Yeah, Andrew, it's Tom again. Same comments that I mentioned earlier about acquisitions that the valuations right now are still a little bit high. I think it's a little bit of a delayed effect as the seller's expectations on revenue hasn't come down to earth yet. But, time is on our side. They will come down and we continue those discussions. And what we've seen over time is eventually we come to the terms with better revenue forecast.

We haven't taken action on some deals in the past mainly because of the difference in pricing and that pricing difference is primarily geared by differences in what we thought the revenue expectation was going to be for that business.

Jon P. Marten - Executive Vice President-Finance & Adminstration and Chief Financial Officer

Abigail, if I could ask you please, if we could just have one more question, I see we're getting ready to run out of time here. So, thank you.

Operator

Certainly. Our last question comes from the line of Joel Tiss with BMO. Your line is open.

Joel Gifford Tiss - BMO Capital Markets (United States)

Hi. How's it going?

Jon P. Marten - Executive Vice President-Finance & Adminstration and Chief Financial Officer

Good, Joel.

Joel Gifford Tiss - BMO Capital Markets (United States)

That's good. I'll make it quick. Is the run rate in your corporate G&A, is that the new level that we should be using going forward or is that a moving target that either got a benefit this quarter and is going to rise again or is it going to continue to structurally lower as we go forward?

Jon P. Marten - Executive Vice President-Finance & Adminstration and Chief Financial Officer

We're structurally going to be down slightly from our past run rate, but it was more of a couple one-time things in the corporate G&A. We're focused on about between $45 million to $48 million going forward here in the corporate G&A going forward as compared to in the mid-$50 million in Q1 and in prior years. So, this has some structural benefits from the simplification, but it would be wrong for me to not mention that there were some one-time items in Q2 for our G&A expense.

Joel Gifford Tiss - BMO Capital Markets (United States)

Okay. And is there a big target on the business simplification? I think you used to have 240 divisions and now you mentioned it's down by 28. Is there any sort of a goal or is it just – it's going to end up where it naturally ought to be?

Thomas L. Williams - Chairman & Chief Executive Officer

Joel, just to – it's Tom. To clarify, the number of divisions that we have operating divisions is 115. So, the 28 is in the 115. So, both Lee and I, the message we've left with the group presidents is we're looking for natural combinations that helps us just be more efficient, give us the scale that we need to better grow synergies and better cost synergies. We have some divisions that I think if we looked at it in hindsight had too much technology or product charter overlap, and it made more sense to put them together. So, it's not going to be one division. We still believe in a decentralized model. We still believe in driving that P&L ownership closest to our team members. But, I think you'll continue to see us do more in 2017 not at the rate that you saw us do in 2016.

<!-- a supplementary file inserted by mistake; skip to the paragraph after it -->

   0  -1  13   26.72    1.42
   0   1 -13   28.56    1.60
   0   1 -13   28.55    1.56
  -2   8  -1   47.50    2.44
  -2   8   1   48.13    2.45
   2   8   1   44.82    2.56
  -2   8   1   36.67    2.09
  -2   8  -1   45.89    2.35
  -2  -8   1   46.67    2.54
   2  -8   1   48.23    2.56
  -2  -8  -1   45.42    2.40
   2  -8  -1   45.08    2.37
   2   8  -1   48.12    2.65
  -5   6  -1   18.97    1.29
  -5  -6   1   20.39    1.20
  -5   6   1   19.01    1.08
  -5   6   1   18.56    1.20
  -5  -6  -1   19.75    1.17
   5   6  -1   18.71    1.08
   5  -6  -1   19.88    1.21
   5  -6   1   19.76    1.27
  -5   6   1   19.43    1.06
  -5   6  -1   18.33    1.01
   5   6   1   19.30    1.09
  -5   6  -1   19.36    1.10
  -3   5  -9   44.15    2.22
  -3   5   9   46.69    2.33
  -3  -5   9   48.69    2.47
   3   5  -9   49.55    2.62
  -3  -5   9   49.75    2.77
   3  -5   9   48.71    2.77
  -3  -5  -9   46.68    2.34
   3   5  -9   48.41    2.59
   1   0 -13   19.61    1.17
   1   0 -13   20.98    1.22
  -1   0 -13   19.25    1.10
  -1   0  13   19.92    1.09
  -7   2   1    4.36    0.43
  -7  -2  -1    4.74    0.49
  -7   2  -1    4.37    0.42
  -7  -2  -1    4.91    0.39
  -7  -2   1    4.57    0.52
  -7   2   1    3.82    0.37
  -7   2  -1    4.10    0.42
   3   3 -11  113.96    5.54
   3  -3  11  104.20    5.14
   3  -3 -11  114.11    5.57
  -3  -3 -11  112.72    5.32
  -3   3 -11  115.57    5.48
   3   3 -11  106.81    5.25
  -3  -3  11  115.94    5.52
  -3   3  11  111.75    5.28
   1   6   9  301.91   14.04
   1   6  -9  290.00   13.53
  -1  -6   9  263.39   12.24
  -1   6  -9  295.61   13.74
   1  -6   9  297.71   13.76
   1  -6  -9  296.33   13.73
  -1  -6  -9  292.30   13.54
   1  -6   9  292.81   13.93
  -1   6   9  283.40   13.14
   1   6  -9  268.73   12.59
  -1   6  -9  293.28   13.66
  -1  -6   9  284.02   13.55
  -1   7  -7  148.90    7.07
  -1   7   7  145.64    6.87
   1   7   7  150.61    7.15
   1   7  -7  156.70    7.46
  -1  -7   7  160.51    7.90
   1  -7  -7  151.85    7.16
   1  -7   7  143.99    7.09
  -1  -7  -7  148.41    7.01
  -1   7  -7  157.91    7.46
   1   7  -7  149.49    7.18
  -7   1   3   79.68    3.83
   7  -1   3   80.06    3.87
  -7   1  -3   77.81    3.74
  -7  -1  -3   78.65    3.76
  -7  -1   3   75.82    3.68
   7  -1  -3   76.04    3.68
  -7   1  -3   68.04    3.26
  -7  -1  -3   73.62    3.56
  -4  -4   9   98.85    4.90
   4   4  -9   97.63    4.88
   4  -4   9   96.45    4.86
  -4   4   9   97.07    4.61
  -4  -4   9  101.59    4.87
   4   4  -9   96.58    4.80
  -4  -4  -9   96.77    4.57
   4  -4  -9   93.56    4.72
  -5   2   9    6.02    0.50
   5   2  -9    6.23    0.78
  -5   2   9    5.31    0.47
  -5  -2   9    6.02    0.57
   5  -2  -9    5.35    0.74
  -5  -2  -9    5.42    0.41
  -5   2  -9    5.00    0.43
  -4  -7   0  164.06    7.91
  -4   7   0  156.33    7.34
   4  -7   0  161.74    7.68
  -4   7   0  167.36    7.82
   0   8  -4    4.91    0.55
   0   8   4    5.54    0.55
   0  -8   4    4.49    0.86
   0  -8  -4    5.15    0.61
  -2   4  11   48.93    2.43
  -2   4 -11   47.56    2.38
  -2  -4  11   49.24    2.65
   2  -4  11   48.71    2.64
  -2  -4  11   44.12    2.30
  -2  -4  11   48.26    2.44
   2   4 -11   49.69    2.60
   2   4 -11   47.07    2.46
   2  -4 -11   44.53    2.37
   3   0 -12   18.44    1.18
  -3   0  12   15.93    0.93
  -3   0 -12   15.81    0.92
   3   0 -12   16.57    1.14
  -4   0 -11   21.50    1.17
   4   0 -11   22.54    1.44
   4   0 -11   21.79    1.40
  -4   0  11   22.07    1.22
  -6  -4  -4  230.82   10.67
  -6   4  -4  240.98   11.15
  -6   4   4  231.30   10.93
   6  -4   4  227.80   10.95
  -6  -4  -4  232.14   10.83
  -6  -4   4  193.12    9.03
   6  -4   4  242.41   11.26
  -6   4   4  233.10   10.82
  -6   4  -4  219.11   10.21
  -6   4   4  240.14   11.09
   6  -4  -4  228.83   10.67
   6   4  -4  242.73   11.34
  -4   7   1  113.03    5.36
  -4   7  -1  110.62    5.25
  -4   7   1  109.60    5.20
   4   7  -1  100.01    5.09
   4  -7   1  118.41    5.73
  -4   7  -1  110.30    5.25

Joel Gifford Tiss - BMO Capital Markets (United States)

And is there a lot of other – this is the last one, sorry to take so long. Is there a lot of product line simplification underneath those business combinations or is that the next stage that you haven't dug into as deeply yet?

Thomas L. Williams - Chairman & Chief Executive Officer

Yeah, that's what I was referring to that revenue profile – again, it's Tom, that revenue profile complexity. That is where we're very, very early days. And I think that's where the real juice and the tank here is. And that will help us in multi-years going forward.

Joel Gifford Tiss - BMO Capital Markets (United States)

All right. Great. Thank you so much.

Operator

Thank you. I'd like to turn the call back to management for closing remarks.

Thomas L. Williams - Chairman & Chief Executive Officer

Abigail, I made my closing remarks already. So, I think we can conclude the call.

Jon P. Marten - Executive Vice President-Finance & Adminstration and Chief Financial Officer

Yes, this concludes our call. Thank everybody for joining us today. Robin is going to be available throughout the day to take your calls should you have any further questions. Thanks again and have a good day.

Operator

Ladies and gentlemen, thank you for participating in today's conference. This does conclude the program. You may all disconnect. Everyone, have a great day.